Facts about fossil fuels - ahead of Shell's AGM

This Tuesday, it's Shell's AGM in London. If you can, do come and join the protest:

When: 23 May, from 9am
Where: ExCel London, Royal Victoria Dock, 1 Western Gateway, London E16 1XL

They will be celebrating their obscene profits - £7.6 billion over the first three months of 2023, almost £1000 every second - and obscuring the truth about the impact on people and the planet with greenwash.

So lets get our facts straight about Shell and their corporate cronies:

1. We can't afford any new fossil fuel infrastructure 

Climate scientists have been warning for years that we need to keep fossil fuels in the ground. In 2021, even the International Energy Agency did the maths and concluded there could be no new fossil fuel infrastructure. But fossil fuel companies and governments never got the memo. They continued drilling, building pipelines and exploiting new fossil fuel fields. Analysis last year found just eight oil and gas companies to be involved in over 200 expansion projects

2. Shell and other companies are making record-breaking profits because the rest of us are getting poorer

Last year, the West’s five largest oil and gas companies, Chevron, ExxonMobil, Shell, BP and TotalEnergies made $134 billion in excess profits, (profits in addition to what they would normally expect). These profits came from higher energy bills, taken from households and from businesses which then passed on the higher costs to consumers. The cost of living crisis in the UK is part of a wider global crisis caused in large part by energy companies profiteering from the war in Ukraine.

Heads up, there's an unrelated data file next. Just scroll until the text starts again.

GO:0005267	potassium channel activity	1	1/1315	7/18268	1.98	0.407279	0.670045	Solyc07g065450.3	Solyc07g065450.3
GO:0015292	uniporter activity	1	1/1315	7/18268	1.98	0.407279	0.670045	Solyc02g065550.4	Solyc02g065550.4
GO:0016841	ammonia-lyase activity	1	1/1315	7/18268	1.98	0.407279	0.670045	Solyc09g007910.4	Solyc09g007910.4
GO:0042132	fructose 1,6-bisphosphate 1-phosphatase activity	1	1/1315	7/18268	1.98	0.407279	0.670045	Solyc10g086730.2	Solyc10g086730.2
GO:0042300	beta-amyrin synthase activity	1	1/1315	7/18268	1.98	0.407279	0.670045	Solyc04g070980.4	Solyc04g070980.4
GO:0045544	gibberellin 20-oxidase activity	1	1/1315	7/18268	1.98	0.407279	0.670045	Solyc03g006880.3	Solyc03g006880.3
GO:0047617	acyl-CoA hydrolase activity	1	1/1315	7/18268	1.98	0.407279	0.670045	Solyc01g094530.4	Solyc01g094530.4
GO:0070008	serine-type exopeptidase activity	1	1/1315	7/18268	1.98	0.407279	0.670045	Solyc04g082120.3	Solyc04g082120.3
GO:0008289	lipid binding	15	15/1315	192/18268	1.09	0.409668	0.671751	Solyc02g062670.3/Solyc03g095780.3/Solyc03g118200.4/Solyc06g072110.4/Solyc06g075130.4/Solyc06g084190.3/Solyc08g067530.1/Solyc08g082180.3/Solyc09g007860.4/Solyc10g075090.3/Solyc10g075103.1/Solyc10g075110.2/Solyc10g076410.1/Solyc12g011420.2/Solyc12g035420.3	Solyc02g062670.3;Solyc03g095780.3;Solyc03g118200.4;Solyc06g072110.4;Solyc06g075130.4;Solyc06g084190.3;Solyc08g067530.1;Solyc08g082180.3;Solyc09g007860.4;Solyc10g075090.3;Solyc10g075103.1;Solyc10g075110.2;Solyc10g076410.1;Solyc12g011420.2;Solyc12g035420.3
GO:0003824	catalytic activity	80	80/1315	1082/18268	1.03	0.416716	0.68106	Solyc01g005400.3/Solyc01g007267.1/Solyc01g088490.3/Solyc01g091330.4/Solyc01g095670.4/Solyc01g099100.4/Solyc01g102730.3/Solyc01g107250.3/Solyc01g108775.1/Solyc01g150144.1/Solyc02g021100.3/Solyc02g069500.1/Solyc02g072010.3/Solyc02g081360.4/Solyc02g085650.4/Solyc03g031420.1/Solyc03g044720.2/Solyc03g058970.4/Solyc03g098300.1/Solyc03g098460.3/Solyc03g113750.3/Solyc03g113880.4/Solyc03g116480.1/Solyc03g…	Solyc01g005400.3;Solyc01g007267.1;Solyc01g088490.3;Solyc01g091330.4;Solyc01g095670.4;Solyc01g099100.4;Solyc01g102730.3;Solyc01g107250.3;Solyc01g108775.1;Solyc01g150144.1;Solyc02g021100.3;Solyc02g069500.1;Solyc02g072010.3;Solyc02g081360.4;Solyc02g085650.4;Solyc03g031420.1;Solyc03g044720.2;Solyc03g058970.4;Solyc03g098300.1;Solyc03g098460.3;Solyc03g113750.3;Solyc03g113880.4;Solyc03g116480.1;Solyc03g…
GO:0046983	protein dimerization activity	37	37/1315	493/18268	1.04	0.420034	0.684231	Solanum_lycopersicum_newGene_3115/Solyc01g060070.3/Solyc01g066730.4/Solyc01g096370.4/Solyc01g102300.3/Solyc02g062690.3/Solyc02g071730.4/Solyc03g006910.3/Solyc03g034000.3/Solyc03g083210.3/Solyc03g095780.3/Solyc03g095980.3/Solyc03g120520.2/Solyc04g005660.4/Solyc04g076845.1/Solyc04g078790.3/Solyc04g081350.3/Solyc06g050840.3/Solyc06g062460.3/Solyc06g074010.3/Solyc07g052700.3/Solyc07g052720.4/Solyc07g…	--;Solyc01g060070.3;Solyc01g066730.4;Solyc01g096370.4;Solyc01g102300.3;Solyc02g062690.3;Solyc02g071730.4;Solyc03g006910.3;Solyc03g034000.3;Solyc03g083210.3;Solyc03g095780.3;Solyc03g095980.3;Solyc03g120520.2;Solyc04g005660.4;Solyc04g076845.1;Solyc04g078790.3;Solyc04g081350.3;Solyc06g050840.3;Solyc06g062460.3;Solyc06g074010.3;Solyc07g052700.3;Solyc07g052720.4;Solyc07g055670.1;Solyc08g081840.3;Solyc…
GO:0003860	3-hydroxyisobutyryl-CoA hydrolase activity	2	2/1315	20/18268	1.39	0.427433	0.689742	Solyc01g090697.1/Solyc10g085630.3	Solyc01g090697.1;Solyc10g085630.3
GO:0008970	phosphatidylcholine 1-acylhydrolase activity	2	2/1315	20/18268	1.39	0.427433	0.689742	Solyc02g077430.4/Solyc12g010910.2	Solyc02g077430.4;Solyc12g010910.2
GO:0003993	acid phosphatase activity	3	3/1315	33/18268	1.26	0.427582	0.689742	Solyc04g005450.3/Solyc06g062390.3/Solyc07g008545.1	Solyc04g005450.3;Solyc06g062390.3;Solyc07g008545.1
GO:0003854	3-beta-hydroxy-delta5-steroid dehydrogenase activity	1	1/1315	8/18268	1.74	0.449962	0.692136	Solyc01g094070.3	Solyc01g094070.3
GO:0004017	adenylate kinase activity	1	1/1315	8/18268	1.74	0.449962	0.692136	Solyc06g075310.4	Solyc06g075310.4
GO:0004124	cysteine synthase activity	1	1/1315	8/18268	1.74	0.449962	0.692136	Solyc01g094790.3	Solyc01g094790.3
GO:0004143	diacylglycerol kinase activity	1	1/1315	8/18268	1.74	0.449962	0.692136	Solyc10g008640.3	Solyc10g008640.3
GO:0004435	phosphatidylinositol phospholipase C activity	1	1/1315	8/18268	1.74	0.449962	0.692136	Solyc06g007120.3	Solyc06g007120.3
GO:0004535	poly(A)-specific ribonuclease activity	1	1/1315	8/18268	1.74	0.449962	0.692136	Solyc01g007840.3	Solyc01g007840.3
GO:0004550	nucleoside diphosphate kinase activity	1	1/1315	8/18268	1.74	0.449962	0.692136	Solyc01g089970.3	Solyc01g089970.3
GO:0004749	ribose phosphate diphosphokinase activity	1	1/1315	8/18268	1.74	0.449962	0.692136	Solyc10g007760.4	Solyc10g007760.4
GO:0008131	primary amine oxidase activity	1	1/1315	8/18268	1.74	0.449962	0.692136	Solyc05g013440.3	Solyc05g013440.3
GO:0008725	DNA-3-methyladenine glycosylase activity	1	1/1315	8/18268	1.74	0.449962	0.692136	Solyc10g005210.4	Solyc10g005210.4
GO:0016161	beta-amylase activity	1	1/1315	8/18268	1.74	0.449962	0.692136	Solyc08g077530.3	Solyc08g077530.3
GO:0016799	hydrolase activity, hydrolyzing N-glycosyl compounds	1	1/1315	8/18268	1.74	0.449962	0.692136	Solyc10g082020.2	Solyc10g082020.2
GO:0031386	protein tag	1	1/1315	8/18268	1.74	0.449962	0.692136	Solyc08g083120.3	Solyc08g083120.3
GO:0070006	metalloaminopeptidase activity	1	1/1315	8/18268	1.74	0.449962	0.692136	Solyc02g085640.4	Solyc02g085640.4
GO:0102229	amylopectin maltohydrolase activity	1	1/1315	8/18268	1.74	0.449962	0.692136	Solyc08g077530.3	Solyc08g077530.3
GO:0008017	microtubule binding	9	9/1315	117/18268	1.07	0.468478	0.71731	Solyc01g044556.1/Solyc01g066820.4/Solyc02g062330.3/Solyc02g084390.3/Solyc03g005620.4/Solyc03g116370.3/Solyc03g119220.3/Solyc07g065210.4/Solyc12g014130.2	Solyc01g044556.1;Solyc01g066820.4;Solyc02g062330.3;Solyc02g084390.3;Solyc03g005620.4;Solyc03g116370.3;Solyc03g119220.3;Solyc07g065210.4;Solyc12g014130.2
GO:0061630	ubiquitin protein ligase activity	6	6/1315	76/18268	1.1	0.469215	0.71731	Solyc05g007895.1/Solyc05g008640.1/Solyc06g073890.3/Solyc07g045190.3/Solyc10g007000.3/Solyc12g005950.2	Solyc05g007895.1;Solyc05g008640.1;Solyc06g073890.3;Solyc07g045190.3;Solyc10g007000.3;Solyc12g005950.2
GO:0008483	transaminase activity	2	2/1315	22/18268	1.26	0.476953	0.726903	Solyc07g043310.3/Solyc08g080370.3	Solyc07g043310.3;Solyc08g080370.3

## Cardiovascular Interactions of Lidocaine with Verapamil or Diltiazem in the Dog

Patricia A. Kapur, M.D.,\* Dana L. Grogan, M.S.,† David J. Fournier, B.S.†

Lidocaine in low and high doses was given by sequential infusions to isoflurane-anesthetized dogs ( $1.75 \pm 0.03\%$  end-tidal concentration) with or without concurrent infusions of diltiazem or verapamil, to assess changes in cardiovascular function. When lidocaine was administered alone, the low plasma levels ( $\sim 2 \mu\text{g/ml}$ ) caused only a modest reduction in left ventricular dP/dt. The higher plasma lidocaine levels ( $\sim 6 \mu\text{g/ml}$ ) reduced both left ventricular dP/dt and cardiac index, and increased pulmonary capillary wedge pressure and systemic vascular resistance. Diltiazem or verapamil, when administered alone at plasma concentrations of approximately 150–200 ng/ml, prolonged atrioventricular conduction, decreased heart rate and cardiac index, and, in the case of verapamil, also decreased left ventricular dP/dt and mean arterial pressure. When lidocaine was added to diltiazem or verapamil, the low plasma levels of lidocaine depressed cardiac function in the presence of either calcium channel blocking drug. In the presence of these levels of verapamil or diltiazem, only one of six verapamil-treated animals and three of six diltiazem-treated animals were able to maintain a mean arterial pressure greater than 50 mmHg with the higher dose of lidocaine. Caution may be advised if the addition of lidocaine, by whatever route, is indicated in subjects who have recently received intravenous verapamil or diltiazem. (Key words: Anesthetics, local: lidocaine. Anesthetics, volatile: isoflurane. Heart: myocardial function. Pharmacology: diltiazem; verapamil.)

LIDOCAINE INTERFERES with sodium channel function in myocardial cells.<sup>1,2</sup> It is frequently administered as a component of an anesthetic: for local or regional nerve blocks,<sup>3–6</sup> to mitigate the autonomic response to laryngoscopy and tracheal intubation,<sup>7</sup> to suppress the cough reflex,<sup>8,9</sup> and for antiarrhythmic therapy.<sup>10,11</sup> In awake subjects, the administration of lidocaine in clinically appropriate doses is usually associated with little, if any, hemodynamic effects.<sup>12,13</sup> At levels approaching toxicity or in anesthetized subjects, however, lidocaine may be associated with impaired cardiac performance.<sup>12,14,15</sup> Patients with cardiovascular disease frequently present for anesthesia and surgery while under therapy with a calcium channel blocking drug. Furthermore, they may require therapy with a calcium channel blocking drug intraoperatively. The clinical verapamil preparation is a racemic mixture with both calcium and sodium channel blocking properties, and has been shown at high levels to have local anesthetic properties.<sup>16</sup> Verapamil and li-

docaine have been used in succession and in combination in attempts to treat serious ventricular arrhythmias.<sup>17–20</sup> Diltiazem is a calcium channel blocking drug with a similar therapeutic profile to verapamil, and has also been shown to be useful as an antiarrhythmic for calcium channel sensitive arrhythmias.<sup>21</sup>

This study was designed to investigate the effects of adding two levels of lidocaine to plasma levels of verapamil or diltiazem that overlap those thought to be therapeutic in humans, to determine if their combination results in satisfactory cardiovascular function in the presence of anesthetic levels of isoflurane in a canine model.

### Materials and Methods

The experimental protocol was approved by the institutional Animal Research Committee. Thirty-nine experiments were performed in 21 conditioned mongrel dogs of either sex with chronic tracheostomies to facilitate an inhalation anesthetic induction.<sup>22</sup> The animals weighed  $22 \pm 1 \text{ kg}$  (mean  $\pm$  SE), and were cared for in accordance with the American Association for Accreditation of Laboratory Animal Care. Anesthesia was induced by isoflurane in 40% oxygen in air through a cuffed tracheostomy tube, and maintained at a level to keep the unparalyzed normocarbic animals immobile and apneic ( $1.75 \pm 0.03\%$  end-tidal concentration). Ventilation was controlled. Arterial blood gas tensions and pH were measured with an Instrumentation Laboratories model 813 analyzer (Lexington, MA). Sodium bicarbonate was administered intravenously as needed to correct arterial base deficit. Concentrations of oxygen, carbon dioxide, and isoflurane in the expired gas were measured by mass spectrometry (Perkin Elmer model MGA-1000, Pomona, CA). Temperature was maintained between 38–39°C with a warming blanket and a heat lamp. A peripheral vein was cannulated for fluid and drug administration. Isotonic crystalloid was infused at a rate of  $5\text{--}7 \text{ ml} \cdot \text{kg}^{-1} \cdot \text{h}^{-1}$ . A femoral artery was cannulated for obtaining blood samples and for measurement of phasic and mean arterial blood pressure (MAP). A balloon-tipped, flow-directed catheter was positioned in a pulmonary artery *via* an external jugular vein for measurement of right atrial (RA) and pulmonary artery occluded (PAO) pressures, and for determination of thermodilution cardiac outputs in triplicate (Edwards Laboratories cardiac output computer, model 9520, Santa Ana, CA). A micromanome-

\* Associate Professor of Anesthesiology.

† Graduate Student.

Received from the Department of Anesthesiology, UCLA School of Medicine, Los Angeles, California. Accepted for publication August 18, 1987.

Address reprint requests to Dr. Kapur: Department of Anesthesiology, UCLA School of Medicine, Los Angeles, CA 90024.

3. The UK's planned North Sea oil and gas expansion would be a climate disaster

The UK government is on the brink of approving Rosebank, a massive potential North Sea field. It has the potential to produce 500m barrels of oil, which when burned would emit as much CO2 as running 56 coal-fired power stations for a year. The UK's carbon budgets can't even accommodate the emissions from getting the oil out of the ground.

4. Fossil fuel expansion doesn't help workers or those of us struggling with the cost of living.

Can North Sea oil and gas help with UK energy bills? No - the vast majority of what will be produced is oil, not gas, and will be owned by the companies extracting it and exported. Longer explanation here.

But will it help the UK economy? Also no. The windfall tax ('energy profits levy') which Rishi Sunak brought in last year came with a giant loophole - a tax break for oil companies opening up new fields for drilling. For Rosebank, this would mean UK taxpayers handing back £3.75 billion.